Finally, we have shown that the angular resolution achievable with the J-PET detector, for the determination of the relative mean angle between the linear polarization of the back-to-back propagating annihilation photons is equal to about \(\sigma (\delta ) \approx 2^\circ \) for samples of 5000 or more collected events.

The results are encouraging and show that it is feasible to perform measurements of the quantum entanglement of photons from positronium annihilation [2, 4] with the J-PET detector. In particular, determination of the polarization on an event-by-event basis will enable, for the first time, tests of entanglement in the polarization degrees of freedom of the three photons resulting from the decay of the ortho-positronium [4] as well as tests of the discrete symmetries, parity *P*, time reversal *T* and charge-conjugation–parity *CP*, via operators \(\epsilon _i \cdot \mathbf {k_j}\), where the indices \(i,j=1,2,3\) refer to the labeled photons from the ortho-positronium decays. Such discrete symmetries tests, carried out with the J-PET detector [3], are complementary to so far performed experiments where the operators are constructed from spin observables (\(\mathbf {S}\)) of ortho-positronium and photon’s momentum vectors [28, 29]. Violation of the *T* or the *CP* invariance in purely leptonic systems has never been seen so far [30]. The experimental search is limited by effects due to the photon-photon interactions expected to mimic discrete symmetry violations at the level of 10\(^{-9}\) [31, 32] ^{1} Therefore, there is still a range of about six orders of magnitude with respect to the present experimental limits (currently experimental upper limits for *T*, *CP* and *CPT* violations are at the level of 10\(^{-3}\) [28, 29]) where phenomena beyond the Standard Model can be sought for. The J-PET detector offers therefore a new experimental methodology.

## Footnotes

## Notes

### Acknowledgements

The authors acknowledge technical and administrative support by A. Heczko, M. Kajetanowicz and W. Migdał. This work was supported by The Polish National Center for Research and Development through Grant INNOTECH-K1/IN1/64/159174/NCBR/12, the Foundation for Polish Science through the MPD and TEAM/2017-4/39 programmes, the National Science Centre of Poland through Grants no. 2016/21/B/ST2/01222, 2017/25/N/NZ1/00861, the Ministry for Science and Higher Education through Grants no. 6673/IA/SP/2016, 7150/E-338/SPUB/2017/1, 7150/E-338/M/2017 and 7150/E-338/M/2018, and the Austrian Science Fund FWF-P26783.

## References

- 1.O. Klein, Y. Nishina, Y. Z. Physik
**52**, 853 (1929)ADSCrossRefGoogle Scholar - 2.B. Hiemsayr, P. Moskal, Witnessing Entanglement in Compton Scattering Processes via Mutually Unbiased Bases, arXiv:1807.04934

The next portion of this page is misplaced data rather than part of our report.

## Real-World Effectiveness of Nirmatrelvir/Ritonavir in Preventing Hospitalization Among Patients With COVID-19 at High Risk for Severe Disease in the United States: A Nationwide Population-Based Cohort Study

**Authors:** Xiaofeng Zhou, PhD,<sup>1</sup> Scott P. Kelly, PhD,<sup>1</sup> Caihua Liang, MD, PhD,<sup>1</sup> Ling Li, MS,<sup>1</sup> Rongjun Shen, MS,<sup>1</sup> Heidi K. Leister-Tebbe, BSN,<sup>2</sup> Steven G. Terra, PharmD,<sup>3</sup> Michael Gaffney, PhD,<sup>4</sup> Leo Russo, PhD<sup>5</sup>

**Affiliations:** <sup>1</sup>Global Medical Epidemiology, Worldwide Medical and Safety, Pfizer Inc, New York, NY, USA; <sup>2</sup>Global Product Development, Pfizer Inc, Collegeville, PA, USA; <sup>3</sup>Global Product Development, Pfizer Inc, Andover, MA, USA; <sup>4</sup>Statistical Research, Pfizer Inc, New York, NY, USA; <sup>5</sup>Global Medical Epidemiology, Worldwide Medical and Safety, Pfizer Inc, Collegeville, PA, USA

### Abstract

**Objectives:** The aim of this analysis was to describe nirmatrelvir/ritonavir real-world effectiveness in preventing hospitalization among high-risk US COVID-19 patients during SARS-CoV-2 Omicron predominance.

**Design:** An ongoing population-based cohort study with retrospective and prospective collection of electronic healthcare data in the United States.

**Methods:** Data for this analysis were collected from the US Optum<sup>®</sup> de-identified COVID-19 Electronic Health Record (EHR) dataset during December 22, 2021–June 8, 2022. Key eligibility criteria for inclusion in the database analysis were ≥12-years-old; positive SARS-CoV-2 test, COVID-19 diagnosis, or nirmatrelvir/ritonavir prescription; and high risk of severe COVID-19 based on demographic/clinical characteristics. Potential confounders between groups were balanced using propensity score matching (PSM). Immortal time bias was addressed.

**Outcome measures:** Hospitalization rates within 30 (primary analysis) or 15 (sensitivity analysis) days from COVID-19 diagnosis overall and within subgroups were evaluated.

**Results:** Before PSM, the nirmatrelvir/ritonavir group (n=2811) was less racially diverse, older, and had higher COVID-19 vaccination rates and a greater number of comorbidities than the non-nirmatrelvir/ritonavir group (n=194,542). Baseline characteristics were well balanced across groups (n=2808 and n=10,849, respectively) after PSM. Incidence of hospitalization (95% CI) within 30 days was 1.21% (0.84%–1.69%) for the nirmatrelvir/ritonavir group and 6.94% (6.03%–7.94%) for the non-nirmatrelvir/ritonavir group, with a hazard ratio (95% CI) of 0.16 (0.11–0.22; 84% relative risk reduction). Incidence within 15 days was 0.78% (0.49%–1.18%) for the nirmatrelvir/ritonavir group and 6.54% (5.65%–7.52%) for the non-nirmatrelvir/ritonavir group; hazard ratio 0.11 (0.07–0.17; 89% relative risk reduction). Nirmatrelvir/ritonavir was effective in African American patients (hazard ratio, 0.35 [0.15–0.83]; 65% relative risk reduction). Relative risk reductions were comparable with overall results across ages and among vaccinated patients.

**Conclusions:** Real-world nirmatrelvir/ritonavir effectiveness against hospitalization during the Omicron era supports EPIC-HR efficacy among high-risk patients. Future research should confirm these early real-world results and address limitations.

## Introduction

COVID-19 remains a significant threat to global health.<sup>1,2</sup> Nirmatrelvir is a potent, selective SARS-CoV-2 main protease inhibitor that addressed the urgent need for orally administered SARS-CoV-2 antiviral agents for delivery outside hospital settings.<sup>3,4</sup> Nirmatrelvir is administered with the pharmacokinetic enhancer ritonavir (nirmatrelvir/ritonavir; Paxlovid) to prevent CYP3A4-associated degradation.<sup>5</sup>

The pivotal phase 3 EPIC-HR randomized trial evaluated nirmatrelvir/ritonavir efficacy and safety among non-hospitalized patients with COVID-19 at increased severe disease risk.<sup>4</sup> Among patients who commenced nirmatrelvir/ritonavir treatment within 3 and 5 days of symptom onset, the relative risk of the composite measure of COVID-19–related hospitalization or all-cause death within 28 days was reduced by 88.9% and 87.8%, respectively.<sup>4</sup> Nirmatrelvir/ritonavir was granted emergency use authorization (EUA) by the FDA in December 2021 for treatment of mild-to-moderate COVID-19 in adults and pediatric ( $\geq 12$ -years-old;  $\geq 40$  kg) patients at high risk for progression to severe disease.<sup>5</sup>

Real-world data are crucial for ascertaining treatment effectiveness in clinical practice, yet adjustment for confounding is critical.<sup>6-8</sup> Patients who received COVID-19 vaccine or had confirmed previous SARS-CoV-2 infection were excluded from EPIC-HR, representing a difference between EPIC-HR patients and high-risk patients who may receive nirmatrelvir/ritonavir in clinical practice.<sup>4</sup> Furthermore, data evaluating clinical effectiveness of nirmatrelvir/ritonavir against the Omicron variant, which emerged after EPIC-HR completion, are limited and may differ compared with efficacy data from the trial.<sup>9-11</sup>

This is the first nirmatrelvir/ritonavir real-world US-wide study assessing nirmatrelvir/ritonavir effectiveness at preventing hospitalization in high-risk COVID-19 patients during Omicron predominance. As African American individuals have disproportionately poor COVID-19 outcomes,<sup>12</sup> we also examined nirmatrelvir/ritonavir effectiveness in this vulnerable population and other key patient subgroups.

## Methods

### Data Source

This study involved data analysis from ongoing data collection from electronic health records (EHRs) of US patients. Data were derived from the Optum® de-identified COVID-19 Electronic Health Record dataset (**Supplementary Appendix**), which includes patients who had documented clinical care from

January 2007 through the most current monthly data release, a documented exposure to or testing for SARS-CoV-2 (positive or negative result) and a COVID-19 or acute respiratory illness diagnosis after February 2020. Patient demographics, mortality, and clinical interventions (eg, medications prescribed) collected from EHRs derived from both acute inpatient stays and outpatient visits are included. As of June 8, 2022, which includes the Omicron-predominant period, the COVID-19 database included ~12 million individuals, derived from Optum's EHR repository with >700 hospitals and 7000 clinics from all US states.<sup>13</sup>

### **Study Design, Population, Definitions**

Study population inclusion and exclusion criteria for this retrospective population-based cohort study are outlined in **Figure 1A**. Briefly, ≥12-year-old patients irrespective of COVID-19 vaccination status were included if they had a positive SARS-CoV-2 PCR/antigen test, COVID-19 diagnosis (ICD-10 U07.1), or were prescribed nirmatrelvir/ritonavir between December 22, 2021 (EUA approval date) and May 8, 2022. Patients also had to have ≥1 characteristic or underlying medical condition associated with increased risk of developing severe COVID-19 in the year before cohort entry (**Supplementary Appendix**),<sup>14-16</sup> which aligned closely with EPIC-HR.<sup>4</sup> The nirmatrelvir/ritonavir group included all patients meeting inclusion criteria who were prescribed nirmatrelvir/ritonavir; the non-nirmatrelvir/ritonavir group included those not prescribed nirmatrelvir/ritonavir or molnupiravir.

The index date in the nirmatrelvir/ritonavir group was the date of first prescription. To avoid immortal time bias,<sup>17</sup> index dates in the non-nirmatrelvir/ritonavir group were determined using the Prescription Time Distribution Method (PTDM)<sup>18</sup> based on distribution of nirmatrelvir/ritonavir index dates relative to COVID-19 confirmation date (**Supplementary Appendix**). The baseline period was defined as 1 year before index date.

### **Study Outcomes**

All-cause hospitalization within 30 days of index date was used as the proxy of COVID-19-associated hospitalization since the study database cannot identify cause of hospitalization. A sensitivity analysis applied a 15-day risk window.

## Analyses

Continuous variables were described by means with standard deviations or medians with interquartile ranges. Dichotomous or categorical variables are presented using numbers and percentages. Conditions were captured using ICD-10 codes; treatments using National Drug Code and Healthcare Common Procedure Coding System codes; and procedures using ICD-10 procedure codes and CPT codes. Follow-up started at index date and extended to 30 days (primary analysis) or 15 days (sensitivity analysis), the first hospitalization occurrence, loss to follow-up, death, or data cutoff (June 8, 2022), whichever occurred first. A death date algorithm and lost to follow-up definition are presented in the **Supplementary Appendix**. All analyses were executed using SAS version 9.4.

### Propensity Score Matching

- 3.P. Moskal, Acta Phys. Pol. B
**47**, 509 (2016)CrossRefGoogle Scholar - 4.B.C. Hiesmayr, P. Moskal, Sci. Rep.
**7**, 15349 (2017)ADSCrossRefGoogle Scholar - 5.M. Nowakowski, D. Bedoya Fierro, Acta Phys. Pol. B
**48**, 1955 (2017)ADSCrossRefGoogle Scholar - 6.A. Acín, J.I. Latorre, P. Pascual, Phys. Rev. A
**63**, 042107 (2001)ADSCrossRefGoogle Scholar - 7.R.D. Evans, Compton Effect,
*Corpuscles and Radiation in Matter II/Korpuskeln und Strahlung in Materie II*(Springer, Berlin Heidelberg, 1958), pp. 218–298Google Scholar - 8.P. Moskal, Nucl. Instrum. Methods A
**764**, 317 (2014)ADSCrossRefGoogle Scholar - 9.P. Moskal, Nucl. Instrum. Methods A
**775**, 54 (2015)ADSCrossRefGoogle Scholar - 10.P. Moskal et al., Phys. Med. Biol.
**61**, 2025 (2016)CrossRefGoogle Scholar - 11.S. Niedźwiecki, Acta Phys. Pol. B
**48**, 1567 (2017)ADSCrossRefGoogle Scholar - 12.M. Pałka et al., JINST
**12**, 08001 (2017)CrossRefGoogle Scholar - 13.G. Korcyl et al., Acta Phys. Pol.
**47**, 491 (2016)CrossRefGoogle Scholar - 14.G. Korcyl, IEEE Trans. Med. Imag.
**37**, 11 (2018)CrossRefGoogle Scholar - 15.W. Krzemień et al., Nukleonika
**60**, 745 (2015)CrossRefGoogle Scholar - 16.W. Krzemień, Acta Phys. Pol. A
**127**, 1491 (2015)CrossRefGoogle Scholar - 17.W. Krzemień, Acta Phys. Pol. B
**47**, 561 (2016)CrossRefGoogle Scholar - 18.L. Raczynski, Nucl. Instrum. Methods A
**764**, 186 (2014)ADSCrossRefGoogle Scholar - 19.L. Raczynski, Nucl. Instrum. Methods A
**786**, 105 (2015)ADSCrossRefGoogle Scholar - 20.L. Raczyński et al., Phys. Med. Biol.
**62**, 5076 (2017)CrossRefGoogle Scholar - 21.D. Kamińska, Eur. Phys. J. C
**76**, 445 (2016)ADSCrossRefGoogle Scholar - 22.M.D. Harpen, Med. Phys.
**31**, 57 (2004)ADSCrossRefGoogle Scholar - 23.P. Kowalski et al., Phys. Med. Biol.
**63**, 165008 (2018)CrossRefGoogle Scholar - 24.G. Santin, Nucl. Sci. Symp. Conf. Rec. 2003 IEEE
**4**, 2672 (2003)Google Scholar - 25.S. Jan et al., Phys. Med. Biol.
**49**, 4543 (2004)CrossRefGoogle Scholar - 26.S. Jan et al., Phys. Med. Biol.
**56**, 881 (2011)CrossRefGoogle Scholar - 27.B. Jasinska et al., Acta Phys. Polon.
**B47**, 453 (2016)CrossRefGoogle Scholar - 28.T. Yamazaki et al., Phys. Rev. Lett.
**104**, 083401 (2010)ADSCrossRefGoogle Scholar - 29.P.A. Vetter, S.J. Freedman, Phys. Rev. Lett.
**91**, 263401 (2003)ADSCrossRefGoogle Scholar - 30.V. Alan Kostelecký, N. Russell, Rev. Mod. Phys.
**83**, 11 (2011)ADSCrossRefGoogle Scholar - 31.B.K. Arbic, Phys. Rev. A
**37**, 3189 (1988)ADSCrossRefGoogle Scholar - 32.W. Bernreuther, Z. Phys. C
**41**, 143 (1988)CrossRefGoogle Scholar - 33.W. Bernreuther, O. Nachtmann, Z. Phys. C
**11**, 235 (1981)ADSCrossRefGoogle Scholar - 34.A. Pokraka, A. Czarnecki, Phys. Rev. D
**96**, 093002 (2017)ADSCrossRefGoogle Scholar

## Copyright information

**Open Access**This article is distributed under the terms of the Creative Commons Attribution 4.0 International License (http://creativecommons.org/licenses/by/4.0/), which permits unrestricted use, distribution, and reproduction in any medium, provided you give appropriate credit to the original author(s) and the source, provide a link to the Creative Commons license, and indicate if changes were made.

Funded by SCOAP^{3}